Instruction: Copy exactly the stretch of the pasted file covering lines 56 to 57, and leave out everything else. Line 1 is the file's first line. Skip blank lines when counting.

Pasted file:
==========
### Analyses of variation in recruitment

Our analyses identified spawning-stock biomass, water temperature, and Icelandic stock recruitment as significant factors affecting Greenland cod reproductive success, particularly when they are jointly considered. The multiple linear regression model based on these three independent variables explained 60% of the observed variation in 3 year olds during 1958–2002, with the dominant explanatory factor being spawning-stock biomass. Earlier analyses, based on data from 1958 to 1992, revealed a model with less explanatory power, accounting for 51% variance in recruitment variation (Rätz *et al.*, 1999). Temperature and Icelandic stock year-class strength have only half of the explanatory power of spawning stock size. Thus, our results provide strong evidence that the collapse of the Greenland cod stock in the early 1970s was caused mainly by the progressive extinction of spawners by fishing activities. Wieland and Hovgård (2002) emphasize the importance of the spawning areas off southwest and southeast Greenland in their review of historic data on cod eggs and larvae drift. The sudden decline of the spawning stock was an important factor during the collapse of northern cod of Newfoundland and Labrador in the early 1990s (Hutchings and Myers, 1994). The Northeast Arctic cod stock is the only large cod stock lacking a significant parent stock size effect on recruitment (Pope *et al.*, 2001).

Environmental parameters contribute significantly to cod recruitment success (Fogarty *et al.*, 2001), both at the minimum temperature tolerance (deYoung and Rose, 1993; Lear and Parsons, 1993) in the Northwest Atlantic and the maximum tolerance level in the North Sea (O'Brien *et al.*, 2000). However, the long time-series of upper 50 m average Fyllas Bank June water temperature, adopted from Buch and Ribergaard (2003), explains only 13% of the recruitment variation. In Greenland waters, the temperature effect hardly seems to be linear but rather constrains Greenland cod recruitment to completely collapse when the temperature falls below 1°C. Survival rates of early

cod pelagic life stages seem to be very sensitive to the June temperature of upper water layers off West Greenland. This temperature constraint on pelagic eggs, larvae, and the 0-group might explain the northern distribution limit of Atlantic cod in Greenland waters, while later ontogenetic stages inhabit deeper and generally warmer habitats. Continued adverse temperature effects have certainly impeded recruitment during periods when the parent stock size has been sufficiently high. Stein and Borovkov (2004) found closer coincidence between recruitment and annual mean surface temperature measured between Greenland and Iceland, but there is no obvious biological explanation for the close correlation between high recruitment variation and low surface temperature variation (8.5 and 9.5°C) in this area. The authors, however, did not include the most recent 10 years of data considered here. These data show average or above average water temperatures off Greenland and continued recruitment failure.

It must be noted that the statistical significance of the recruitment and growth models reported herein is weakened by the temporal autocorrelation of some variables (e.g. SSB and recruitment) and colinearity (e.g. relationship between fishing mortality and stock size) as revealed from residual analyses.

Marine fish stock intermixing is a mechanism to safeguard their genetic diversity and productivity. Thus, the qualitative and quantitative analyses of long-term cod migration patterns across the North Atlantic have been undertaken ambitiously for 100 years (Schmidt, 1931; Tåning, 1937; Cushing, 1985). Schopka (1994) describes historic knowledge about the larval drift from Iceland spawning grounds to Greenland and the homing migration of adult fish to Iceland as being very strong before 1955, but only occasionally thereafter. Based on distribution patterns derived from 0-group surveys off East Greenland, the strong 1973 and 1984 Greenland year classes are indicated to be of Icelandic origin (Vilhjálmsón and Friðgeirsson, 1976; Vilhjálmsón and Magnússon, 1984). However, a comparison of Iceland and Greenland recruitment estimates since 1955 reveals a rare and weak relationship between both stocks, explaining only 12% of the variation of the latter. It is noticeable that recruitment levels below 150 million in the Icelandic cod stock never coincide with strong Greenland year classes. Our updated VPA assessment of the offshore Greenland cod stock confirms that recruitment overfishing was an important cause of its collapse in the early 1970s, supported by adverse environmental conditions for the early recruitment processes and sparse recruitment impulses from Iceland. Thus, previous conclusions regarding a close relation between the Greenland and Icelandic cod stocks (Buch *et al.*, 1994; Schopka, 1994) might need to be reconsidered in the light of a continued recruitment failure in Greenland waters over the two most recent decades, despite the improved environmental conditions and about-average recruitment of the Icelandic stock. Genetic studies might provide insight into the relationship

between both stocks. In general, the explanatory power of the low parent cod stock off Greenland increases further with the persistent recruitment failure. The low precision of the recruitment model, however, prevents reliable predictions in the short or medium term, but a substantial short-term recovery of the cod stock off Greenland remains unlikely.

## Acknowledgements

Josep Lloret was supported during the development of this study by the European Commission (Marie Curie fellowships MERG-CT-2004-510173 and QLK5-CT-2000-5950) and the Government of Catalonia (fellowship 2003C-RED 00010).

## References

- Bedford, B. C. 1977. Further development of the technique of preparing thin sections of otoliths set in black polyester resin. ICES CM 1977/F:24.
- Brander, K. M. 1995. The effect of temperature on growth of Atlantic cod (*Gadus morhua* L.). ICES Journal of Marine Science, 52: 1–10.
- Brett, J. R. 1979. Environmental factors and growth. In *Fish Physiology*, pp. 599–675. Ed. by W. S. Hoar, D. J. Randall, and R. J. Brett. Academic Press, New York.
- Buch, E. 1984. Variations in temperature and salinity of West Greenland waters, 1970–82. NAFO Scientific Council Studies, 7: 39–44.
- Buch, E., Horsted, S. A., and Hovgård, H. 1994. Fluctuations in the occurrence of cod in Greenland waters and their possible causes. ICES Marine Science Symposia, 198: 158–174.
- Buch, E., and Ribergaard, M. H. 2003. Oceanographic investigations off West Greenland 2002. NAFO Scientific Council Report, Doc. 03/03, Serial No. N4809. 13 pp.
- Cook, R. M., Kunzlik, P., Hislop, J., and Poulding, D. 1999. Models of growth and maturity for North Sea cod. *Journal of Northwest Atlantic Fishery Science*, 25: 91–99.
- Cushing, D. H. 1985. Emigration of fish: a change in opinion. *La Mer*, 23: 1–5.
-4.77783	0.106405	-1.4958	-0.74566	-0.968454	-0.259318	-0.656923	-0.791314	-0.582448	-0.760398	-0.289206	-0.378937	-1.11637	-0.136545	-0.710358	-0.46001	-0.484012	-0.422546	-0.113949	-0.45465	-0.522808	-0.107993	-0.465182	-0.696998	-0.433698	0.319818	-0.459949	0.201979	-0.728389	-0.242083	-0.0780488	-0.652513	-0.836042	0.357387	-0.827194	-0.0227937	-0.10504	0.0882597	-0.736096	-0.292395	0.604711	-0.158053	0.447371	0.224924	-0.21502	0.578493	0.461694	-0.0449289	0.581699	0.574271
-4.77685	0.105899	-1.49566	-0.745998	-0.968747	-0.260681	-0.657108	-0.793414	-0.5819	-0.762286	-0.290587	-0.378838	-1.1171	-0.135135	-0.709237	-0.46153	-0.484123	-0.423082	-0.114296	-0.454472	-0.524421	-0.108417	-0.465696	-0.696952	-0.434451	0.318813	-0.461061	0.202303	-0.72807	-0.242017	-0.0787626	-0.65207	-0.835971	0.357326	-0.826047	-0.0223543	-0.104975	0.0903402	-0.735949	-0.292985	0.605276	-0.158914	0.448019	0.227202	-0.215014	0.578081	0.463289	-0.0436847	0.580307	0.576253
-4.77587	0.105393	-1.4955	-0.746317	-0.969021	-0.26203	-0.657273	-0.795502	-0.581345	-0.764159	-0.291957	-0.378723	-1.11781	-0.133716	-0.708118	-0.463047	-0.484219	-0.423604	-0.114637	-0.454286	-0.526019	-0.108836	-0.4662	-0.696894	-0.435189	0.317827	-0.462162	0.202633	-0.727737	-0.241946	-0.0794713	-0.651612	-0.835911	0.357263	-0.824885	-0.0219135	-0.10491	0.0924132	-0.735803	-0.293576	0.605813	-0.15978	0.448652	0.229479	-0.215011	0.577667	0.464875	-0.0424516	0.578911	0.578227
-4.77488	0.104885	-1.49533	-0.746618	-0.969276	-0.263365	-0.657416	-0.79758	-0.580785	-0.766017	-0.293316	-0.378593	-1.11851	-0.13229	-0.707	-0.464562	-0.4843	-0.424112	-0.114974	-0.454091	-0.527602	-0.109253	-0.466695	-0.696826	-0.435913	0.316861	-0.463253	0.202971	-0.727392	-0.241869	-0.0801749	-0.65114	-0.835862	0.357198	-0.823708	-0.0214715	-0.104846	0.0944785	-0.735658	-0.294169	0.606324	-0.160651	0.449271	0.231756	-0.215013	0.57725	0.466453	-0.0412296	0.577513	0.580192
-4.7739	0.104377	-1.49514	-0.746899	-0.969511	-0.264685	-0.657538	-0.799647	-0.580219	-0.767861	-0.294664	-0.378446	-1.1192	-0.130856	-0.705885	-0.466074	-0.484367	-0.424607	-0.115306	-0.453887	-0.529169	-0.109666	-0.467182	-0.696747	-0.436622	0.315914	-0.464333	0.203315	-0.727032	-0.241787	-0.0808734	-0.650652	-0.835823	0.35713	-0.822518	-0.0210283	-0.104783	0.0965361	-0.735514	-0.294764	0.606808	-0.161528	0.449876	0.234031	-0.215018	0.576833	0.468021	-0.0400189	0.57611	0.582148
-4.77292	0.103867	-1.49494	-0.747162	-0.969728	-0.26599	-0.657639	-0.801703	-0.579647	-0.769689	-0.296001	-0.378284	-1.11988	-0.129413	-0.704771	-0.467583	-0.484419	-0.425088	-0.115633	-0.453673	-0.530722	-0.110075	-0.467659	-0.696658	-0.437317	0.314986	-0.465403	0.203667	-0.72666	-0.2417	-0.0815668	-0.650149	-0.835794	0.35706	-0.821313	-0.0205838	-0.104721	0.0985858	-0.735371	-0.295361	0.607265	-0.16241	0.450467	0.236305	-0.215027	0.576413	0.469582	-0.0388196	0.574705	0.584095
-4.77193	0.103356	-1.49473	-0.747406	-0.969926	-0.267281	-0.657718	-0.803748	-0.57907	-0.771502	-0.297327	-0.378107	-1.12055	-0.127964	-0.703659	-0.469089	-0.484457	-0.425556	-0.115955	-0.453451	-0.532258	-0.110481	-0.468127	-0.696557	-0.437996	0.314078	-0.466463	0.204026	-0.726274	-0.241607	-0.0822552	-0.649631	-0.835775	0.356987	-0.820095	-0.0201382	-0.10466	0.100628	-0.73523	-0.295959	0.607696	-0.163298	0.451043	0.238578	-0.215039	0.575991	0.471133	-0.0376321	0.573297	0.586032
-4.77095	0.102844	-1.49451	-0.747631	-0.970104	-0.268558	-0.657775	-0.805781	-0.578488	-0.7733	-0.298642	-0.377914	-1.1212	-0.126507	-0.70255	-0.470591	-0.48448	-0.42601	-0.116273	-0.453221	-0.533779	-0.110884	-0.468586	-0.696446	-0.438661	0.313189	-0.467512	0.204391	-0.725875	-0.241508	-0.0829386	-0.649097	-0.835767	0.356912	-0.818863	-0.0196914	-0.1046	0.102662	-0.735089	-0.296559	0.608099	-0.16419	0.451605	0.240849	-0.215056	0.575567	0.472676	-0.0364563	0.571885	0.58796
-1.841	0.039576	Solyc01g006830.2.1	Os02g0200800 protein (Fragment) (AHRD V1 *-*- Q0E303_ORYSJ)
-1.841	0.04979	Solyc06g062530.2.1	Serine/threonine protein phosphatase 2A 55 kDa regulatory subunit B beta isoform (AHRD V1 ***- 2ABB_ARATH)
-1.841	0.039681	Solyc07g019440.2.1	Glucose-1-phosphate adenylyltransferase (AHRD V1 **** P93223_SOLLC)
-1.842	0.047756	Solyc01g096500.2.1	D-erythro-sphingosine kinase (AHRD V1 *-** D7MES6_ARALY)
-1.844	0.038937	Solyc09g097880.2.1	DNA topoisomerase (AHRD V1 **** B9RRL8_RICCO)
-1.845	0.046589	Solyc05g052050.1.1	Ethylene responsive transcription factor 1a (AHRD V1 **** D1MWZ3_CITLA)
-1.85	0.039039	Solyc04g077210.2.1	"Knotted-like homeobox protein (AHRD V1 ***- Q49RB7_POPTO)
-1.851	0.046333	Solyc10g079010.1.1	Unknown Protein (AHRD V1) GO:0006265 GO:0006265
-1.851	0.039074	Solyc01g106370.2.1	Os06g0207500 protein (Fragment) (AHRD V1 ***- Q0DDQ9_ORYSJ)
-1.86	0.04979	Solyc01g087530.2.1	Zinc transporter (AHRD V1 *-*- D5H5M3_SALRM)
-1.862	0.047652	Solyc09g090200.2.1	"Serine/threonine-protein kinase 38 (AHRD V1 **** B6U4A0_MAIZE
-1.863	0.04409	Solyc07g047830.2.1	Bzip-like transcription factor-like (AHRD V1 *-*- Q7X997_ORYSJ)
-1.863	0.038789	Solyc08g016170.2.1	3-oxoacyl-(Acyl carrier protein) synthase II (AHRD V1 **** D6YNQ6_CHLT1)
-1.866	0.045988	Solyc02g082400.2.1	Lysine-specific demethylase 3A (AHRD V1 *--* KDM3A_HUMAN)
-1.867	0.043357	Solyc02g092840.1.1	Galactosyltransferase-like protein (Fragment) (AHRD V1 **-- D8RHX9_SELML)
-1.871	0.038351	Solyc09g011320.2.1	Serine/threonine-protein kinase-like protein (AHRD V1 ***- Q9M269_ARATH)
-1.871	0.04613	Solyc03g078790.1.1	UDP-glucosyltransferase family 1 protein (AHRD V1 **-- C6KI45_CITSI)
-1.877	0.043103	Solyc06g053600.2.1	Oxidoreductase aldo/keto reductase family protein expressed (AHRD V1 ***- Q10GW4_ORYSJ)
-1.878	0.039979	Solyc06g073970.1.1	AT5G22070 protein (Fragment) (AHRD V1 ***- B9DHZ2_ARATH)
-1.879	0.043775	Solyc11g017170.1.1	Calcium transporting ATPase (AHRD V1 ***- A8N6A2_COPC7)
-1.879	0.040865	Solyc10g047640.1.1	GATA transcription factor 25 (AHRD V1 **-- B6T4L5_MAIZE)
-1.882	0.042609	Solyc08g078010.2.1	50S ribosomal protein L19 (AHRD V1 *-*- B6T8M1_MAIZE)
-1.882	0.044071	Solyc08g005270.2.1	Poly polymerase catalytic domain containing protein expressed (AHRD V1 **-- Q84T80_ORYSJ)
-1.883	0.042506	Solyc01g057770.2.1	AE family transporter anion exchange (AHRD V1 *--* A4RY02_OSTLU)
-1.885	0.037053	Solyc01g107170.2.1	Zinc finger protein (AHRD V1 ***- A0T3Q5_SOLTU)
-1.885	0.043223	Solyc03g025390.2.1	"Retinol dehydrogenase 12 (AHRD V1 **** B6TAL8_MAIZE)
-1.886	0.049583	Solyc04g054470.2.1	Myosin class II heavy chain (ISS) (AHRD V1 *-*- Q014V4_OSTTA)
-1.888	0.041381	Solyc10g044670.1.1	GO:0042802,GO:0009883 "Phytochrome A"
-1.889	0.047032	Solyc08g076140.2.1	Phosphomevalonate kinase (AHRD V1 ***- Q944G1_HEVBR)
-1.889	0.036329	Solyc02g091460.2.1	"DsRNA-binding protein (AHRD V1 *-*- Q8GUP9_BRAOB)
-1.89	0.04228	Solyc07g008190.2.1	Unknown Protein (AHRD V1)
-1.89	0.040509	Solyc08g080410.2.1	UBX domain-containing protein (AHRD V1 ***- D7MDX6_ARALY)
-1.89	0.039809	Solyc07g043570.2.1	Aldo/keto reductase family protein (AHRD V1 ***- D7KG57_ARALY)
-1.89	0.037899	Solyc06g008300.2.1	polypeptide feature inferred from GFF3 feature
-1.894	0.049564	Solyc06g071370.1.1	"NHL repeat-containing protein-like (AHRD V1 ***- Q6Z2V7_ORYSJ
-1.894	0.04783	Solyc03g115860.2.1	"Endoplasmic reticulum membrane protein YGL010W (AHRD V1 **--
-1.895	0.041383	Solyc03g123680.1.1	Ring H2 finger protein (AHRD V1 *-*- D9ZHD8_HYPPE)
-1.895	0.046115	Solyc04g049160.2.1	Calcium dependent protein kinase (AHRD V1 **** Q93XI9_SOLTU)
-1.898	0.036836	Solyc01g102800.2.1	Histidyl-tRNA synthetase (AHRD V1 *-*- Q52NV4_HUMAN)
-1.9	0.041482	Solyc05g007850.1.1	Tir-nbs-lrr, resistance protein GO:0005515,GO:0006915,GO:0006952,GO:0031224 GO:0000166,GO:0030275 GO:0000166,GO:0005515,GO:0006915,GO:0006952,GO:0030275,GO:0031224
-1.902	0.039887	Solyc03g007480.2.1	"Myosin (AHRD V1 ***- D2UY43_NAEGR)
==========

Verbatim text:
-1.889	0.036329	Solyc02g091460.2.1	"DsRNA-binding protein (AHRD V1 *-*- Q8GUP9_BRAOB)
-1.89	0.04228	Solyc07g008190.2.1	Unknown Protein (AHRD V1)